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Mothers Of Reinvention

“Nothing ain’t worth nothing, but it’s free” – Kristofferson/Foster

December 15, 2003

I took an improvisational acting class Wednesday night and in an exercise involving inanimate objects with emotions, was assigned the role of a depressed fork. Talk about finding your niche in New York. If I ever doubted that there was a God above, slowly guiding me toward that elusive “fit”, here was indisputable proof. I leaned against the wall and dragged on about how things sucked and that people were always trying to use me for soup.

In another exercise I was paired with a beautiful young blonde girl. She didn’t possess the best acting chops, but had a real talent for wearing blue jeans with no pockets in back. For this drill, the student already in character was to assign a specific role to the person entering the scene. I came crashing back to earth when she greeted me with an enthusiastic “Hello Grandpa!” She was riveting in the part of my wide-eyed granddaughter, and our scene included the following bit of brilliantly improvised dialogue:

Me: “It’s been so long since I’ve seen you, honey. How old are you now?”
Her: “Seventeen, Grandpa!”
Me: “Seventeen .. Fuck.

The instructor was so moved by the integrity of my delivery, he nearly fell off his chair in the back of the room.


I had a very liberating thought the other night, a full six months into my stay in Brooklyn: nobody knows me here. Of course I realized this would be the case when I moved, but sometimes it takes a while for certain realities to sink in. Freedom and change are two endlessly debatable concepts and even having placed myself in a foreign environment and pushed for new experiences, I’m still uncertain if either is ever fully attainable.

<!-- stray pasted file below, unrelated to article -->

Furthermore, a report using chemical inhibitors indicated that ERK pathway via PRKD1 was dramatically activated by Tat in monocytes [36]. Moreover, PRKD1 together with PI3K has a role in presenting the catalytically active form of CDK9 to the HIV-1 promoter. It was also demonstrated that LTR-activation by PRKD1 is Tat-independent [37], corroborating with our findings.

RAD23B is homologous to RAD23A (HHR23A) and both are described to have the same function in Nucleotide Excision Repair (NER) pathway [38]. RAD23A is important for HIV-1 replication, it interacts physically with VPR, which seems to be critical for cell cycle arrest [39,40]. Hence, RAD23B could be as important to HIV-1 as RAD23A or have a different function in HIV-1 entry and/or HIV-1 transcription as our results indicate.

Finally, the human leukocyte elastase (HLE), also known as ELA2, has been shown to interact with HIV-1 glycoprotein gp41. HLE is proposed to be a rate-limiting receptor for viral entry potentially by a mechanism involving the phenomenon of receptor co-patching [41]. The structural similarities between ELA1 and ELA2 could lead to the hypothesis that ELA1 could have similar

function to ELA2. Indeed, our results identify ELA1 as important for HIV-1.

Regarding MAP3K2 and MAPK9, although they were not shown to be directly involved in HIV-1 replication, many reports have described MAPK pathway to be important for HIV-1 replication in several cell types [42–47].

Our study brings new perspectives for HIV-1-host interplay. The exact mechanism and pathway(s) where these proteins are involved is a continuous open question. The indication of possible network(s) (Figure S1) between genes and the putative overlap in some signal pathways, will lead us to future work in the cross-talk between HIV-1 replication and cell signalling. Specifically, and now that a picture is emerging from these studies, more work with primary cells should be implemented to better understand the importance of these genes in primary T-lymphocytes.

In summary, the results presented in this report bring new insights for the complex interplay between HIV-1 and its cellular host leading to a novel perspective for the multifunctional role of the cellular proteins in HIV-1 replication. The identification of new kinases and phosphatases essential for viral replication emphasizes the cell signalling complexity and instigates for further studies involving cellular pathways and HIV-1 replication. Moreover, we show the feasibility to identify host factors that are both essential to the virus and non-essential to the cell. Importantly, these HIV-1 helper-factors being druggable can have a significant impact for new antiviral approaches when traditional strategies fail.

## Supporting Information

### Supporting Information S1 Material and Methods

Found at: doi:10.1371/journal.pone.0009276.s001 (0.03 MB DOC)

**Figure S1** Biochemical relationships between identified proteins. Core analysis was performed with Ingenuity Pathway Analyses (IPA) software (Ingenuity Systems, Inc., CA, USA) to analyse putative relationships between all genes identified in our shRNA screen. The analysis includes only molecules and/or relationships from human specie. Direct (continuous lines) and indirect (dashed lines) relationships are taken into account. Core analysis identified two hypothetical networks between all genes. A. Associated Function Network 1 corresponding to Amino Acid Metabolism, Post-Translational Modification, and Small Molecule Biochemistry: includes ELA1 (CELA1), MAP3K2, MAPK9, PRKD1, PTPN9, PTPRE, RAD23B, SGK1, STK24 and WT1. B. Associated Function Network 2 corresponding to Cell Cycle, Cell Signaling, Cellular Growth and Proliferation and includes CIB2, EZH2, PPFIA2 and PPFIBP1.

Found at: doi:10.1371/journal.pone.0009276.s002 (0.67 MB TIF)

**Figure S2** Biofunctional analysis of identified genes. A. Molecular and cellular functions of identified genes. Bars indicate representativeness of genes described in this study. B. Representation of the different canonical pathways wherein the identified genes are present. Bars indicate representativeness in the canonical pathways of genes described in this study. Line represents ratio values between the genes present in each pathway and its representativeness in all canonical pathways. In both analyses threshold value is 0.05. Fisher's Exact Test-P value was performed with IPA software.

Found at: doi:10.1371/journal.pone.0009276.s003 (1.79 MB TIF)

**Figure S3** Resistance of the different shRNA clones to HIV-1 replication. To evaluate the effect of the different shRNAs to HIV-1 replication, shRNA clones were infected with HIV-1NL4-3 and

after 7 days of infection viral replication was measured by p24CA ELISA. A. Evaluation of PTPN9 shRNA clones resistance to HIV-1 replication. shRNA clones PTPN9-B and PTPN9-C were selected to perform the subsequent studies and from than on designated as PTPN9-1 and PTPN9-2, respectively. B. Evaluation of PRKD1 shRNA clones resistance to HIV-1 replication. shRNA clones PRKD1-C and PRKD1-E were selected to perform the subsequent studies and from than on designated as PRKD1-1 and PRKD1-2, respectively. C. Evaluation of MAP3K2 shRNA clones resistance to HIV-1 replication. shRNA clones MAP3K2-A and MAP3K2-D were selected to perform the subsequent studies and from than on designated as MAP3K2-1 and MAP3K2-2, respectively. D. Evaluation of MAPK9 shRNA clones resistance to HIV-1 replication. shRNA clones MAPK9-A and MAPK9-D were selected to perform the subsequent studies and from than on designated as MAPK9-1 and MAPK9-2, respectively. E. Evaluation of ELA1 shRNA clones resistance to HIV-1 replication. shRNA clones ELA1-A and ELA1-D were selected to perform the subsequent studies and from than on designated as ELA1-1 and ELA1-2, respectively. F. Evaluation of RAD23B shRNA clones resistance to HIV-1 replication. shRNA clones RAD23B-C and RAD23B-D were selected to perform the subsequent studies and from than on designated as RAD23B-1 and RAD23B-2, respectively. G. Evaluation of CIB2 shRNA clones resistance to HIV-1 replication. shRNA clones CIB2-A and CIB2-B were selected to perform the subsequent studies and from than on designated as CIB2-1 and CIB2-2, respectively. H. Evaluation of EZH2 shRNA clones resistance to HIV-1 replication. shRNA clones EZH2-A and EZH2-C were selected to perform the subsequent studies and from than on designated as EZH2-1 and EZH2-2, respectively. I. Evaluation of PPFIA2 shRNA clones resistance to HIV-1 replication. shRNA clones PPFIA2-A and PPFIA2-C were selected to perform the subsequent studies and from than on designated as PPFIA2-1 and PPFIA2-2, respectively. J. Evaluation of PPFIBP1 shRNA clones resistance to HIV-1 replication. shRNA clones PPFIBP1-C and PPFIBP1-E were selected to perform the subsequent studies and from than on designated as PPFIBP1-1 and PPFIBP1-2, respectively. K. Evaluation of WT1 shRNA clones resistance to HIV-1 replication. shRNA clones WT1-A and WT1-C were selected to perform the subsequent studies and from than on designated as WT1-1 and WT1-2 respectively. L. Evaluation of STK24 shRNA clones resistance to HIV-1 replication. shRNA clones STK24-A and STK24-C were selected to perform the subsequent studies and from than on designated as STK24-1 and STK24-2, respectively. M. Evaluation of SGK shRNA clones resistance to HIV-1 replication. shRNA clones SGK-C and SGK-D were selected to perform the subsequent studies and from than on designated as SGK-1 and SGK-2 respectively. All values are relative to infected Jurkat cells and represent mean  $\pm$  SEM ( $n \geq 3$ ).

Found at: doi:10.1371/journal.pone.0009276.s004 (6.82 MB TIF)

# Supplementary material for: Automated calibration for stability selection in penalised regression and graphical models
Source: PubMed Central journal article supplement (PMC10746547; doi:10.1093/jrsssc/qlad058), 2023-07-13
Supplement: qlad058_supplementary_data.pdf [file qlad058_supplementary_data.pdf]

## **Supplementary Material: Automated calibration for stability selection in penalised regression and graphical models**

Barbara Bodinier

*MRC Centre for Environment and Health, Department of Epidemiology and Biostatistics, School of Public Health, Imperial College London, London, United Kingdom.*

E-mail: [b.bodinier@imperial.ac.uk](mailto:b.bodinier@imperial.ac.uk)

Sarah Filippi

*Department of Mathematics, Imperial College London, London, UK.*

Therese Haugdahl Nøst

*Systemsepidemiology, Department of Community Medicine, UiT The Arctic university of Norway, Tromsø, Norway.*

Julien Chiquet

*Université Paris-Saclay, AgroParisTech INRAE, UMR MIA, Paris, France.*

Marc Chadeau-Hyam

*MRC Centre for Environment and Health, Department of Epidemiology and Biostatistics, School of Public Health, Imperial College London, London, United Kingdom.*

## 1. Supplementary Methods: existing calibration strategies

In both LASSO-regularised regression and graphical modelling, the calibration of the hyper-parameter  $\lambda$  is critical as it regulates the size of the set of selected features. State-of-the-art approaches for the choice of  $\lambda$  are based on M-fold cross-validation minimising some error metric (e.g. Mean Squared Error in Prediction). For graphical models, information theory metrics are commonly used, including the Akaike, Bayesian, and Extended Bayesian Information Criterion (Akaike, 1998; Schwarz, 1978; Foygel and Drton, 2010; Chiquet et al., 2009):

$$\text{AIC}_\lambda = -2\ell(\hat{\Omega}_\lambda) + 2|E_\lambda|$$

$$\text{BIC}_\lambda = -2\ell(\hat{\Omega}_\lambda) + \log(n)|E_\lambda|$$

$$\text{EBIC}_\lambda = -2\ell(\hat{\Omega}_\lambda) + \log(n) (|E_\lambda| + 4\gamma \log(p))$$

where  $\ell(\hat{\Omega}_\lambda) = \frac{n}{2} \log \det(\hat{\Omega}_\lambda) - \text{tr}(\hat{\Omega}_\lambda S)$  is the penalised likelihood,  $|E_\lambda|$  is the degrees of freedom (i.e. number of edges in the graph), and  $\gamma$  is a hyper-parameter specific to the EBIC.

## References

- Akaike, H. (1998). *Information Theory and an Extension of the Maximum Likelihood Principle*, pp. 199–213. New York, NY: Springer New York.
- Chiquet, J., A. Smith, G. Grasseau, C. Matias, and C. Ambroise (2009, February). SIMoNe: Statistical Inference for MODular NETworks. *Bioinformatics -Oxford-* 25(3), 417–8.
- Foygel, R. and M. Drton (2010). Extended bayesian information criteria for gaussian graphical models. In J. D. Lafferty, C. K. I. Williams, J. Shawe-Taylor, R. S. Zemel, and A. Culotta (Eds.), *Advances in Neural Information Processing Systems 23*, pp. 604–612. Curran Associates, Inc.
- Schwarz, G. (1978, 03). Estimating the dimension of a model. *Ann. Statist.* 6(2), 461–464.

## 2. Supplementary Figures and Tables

I’m something of a novelty, a relative unknown, to the young couple I see many nights at my favorite bar on Smith Street. Although I drank with them one evening in July, since then I’ve assumed my solitary post on the last stool at the end, content to offer a smile or raised pint glass salute. But last week she stopped me as I passed and asked if I wanted to join them again. “Or,” she said, “do you prefer it down there by yourself?”

She’s tall and beautiful and South African and he’s equally tall and seemingly intimidated by the attention she gets. This is what I’ve gathered from our limited interaction. And that despite her beauty, she’s a bit insecure. As I sat with them a second time, she told me about her thesis on the objectification of women. I nodded politely as she explained what her research had revealed, but he had obviously heard much of this before. When he could take no more, he went into his own rambling rant on men and women and concluded with “I mean, did Newton have to hate apples to make his discovery?” These are the sorts of things you miss, sitting by yourself down at the end of the bar.

Of course the problem with anonymity is, well .. anonymity. It’s every bit as daunting as it is exhilarating. And what good is change or even freedom if it can’t be experienced through the eyes of those who love you? If you stay in a new setting long enough much of whom you are and have been will be revealed. And what are we without these experiences, mistakes and quirks? It would take forever were I to start over again and try to get to where I’m as perfectly fucked up as I am now.


There’s something I like about her, beyond her obvious physical attributes. This sinks in after her boyfriend is done with his rant, a rather scathing if poorly assembled deconstruction of her thesis. She chooses to change the subject, and I sense that it’s for my benefit. “What are you doing for New Year’s Eve?” she asks, and explains that they’re having a party. I picture their place and their friends and drinks and music and people stepping outside in the cold to have a cigarette. I see myself, not smoking but standing off to the side, breathing the fresh air.

“I don’t know,” I tell her. “I may be around, but I’m not sure.”

2003 Rick Monaco All Rights

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